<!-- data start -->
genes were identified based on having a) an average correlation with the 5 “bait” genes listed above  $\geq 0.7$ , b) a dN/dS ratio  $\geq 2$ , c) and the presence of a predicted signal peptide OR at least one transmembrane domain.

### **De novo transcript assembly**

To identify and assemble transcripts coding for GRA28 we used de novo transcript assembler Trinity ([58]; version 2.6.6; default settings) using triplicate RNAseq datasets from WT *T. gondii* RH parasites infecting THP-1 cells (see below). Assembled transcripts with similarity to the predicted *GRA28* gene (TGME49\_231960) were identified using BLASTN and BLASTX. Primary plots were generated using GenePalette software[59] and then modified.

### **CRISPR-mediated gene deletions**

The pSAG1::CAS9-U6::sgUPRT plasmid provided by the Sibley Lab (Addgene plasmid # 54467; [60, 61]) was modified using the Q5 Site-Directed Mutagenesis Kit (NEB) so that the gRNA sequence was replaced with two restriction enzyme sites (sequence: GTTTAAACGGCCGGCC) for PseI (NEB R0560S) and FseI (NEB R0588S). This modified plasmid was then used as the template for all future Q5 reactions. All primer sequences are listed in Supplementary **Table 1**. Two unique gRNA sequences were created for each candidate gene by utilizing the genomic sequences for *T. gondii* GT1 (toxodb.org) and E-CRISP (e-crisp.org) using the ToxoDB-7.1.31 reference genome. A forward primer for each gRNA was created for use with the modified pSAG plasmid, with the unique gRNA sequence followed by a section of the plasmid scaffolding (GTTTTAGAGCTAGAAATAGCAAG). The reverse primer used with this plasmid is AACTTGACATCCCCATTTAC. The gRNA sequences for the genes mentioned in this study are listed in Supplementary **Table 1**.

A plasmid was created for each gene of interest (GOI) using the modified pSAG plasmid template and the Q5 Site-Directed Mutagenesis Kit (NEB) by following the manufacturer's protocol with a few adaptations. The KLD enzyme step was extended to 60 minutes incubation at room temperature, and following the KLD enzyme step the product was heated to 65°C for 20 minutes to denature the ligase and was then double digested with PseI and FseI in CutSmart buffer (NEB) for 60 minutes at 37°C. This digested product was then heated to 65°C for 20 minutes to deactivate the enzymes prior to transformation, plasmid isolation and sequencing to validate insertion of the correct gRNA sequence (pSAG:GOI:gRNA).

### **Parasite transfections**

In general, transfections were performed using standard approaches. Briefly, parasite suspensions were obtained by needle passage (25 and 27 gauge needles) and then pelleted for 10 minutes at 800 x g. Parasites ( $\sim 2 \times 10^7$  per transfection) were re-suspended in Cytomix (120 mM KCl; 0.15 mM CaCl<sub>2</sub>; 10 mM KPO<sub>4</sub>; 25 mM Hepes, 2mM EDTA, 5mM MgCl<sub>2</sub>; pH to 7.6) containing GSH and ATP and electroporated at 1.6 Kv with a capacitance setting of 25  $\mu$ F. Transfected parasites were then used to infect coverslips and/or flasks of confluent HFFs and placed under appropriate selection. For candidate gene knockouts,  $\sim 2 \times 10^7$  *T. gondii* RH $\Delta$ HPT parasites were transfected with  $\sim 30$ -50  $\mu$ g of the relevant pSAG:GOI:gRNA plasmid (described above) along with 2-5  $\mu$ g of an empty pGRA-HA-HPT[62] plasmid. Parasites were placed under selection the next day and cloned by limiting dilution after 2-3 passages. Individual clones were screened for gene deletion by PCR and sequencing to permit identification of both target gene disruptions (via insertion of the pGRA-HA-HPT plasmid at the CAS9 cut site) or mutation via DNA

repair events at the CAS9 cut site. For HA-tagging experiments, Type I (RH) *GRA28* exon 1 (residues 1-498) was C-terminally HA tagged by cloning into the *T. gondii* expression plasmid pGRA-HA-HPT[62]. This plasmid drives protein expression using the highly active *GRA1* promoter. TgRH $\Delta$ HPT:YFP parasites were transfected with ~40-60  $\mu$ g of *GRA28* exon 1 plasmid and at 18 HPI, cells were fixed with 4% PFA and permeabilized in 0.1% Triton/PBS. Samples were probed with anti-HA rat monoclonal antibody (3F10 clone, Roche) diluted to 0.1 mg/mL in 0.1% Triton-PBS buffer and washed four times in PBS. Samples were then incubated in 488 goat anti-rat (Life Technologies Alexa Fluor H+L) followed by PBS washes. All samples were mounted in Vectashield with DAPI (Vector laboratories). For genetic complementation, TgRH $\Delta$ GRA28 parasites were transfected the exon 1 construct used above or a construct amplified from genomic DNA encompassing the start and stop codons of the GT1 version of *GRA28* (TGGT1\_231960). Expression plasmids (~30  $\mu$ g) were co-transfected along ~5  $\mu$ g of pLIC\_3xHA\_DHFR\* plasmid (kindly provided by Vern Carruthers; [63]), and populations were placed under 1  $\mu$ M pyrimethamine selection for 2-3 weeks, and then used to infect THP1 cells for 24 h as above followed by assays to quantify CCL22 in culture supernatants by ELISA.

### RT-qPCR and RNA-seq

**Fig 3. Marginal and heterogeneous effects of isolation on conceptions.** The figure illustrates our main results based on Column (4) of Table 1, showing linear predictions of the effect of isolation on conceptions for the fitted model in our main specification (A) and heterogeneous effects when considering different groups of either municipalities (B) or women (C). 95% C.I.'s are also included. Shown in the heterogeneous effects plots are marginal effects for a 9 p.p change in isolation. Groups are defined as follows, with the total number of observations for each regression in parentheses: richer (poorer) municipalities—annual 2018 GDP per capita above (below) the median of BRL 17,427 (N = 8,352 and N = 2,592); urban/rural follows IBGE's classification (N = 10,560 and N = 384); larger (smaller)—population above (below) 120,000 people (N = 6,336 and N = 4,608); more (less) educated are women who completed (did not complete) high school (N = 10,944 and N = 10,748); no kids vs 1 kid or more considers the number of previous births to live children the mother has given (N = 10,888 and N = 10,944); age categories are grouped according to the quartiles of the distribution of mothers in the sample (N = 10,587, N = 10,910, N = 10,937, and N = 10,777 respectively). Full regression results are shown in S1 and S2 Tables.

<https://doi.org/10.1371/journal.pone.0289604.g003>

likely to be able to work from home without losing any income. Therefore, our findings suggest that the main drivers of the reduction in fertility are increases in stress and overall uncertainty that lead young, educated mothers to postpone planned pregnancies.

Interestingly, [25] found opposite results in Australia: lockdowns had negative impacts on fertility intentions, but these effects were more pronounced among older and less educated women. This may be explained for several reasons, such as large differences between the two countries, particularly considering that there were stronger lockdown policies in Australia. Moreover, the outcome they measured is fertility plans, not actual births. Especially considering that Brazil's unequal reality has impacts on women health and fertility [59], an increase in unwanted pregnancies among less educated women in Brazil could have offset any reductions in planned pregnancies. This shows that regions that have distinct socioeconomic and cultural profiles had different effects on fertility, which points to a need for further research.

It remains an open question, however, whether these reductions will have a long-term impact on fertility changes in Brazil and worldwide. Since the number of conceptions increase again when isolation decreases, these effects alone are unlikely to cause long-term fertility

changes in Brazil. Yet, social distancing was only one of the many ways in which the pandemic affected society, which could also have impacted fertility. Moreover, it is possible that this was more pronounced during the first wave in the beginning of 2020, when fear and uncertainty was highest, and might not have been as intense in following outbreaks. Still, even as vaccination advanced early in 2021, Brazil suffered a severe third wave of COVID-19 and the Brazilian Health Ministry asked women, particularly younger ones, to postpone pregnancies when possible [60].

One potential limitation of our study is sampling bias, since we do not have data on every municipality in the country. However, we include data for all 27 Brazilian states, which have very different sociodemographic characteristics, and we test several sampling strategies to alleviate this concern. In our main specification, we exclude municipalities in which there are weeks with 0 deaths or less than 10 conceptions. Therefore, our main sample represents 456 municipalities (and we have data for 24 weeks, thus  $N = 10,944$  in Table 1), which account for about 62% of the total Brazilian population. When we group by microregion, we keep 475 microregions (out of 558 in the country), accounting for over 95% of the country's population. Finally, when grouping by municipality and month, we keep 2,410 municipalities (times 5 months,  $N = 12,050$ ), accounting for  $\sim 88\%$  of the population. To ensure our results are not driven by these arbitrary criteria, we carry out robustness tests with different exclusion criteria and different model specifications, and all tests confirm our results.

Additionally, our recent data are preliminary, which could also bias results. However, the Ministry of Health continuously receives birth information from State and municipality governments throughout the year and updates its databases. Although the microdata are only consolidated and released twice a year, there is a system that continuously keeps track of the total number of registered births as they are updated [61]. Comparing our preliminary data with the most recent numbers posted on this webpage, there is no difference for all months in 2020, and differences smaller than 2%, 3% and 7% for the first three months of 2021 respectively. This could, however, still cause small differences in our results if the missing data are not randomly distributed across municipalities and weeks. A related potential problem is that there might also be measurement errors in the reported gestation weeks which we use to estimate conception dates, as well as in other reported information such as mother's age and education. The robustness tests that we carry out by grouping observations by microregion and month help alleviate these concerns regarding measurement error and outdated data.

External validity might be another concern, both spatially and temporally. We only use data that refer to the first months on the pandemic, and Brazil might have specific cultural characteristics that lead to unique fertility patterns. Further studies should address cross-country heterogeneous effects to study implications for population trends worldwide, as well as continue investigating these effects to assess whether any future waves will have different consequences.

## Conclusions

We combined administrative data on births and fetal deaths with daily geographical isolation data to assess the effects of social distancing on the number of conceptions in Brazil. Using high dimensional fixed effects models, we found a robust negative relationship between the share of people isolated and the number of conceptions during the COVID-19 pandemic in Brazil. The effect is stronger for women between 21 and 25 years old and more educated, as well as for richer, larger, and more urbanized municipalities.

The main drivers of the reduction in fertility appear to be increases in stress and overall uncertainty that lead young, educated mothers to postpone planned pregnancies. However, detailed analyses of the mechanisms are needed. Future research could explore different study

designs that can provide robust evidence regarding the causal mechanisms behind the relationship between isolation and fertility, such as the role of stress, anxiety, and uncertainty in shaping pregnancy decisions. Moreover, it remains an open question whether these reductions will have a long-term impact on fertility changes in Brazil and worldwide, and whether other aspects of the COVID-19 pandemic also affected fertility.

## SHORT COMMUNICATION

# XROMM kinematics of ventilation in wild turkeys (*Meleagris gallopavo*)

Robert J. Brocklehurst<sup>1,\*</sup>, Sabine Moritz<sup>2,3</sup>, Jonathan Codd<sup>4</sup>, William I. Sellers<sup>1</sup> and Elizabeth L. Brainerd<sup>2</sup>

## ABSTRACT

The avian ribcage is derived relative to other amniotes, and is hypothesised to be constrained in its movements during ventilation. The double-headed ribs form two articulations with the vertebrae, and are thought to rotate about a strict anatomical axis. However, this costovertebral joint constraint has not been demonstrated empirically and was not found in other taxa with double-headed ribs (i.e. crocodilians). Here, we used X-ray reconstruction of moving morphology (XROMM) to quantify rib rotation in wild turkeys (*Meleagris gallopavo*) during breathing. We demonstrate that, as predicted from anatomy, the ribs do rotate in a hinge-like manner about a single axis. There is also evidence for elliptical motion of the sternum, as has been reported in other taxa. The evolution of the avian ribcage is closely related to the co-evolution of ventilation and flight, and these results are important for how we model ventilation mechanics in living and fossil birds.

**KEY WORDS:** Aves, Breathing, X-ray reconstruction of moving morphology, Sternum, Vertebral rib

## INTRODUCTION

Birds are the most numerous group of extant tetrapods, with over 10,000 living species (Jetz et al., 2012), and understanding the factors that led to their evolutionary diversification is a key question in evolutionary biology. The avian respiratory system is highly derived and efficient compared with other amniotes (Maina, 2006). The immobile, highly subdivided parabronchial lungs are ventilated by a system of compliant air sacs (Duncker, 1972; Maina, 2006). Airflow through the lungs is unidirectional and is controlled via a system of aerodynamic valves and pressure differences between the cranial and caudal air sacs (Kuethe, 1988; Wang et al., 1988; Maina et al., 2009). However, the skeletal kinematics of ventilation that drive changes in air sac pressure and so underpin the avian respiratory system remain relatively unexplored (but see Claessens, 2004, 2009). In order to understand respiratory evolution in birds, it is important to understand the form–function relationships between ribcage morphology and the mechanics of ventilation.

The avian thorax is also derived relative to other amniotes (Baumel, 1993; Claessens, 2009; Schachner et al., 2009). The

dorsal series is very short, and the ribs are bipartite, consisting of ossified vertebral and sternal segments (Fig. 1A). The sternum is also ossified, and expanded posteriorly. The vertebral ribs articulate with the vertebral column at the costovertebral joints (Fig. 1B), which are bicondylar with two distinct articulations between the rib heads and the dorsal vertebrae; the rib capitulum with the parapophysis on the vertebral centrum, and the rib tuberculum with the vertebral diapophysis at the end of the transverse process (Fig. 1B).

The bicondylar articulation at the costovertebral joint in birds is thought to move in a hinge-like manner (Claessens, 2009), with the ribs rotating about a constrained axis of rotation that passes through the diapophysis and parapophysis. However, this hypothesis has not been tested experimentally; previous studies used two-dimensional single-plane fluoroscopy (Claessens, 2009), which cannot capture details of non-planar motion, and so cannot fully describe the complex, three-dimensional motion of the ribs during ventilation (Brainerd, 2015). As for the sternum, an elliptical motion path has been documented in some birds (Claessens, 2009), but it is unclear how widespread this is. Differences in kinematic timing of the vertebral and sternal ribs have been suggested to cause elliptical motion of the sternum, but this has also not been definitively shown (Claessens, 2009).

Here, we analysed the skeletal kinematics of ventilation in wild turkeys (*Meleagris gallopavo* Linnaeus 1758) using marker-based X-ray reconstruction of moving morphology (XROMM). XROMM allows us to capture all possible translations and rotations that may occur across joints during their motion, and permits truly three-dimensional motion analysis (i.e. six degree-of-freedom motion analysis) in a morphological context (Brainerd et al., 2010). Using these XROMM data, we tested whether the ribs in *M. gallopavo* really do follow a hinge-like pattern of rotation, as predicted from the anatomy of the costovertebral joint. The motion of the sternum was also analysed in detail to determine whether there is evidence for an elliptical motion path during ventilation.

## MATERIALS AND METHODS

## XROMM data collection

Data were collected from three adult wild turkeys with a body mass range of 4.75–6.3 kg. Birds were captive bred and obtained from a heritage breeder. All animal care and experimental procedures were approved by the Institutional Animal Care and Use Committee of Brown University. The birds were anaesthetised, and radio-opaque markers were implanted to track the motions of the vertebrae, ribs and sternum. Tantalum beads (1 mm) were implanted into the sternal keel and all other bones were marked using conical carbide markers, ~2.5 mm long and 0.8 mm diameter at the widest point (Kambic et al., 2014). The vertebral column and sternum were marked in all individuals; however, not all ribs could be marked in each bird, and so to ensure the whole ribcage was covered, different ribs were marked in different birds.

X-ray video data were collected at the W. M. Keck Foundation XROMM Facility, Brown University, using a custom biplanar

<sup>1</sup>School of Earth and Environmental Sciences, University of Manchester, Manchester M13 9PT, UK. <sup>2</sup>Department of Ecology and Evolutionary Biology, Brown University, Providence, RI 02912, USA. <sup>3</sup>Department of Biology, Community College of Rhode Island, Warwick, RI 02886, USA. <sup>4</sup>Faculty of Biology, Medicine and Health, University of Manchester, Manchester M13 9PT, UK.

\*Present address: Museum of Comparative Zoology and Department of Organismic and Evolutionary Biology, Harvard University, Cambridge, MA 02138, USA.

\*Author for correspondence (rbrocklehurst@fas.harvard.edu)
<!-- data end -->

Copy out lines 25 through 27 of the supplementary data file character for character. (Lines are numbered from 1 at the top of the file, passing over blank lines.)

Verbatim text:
# XROMM kinematics of ventilation in wild turkeys (*Meleagris gallopavo*)

Robert J. Brocklehurst<sup>1,\*</sup>, Sabine Moritz<sup>2,3</sup>, Jonathan Codd<sup>4</sup>, William I. Sellers<sup>1</sup> and Elizabeth L. Brainerd<sup>2</sup>

## ABSTRACT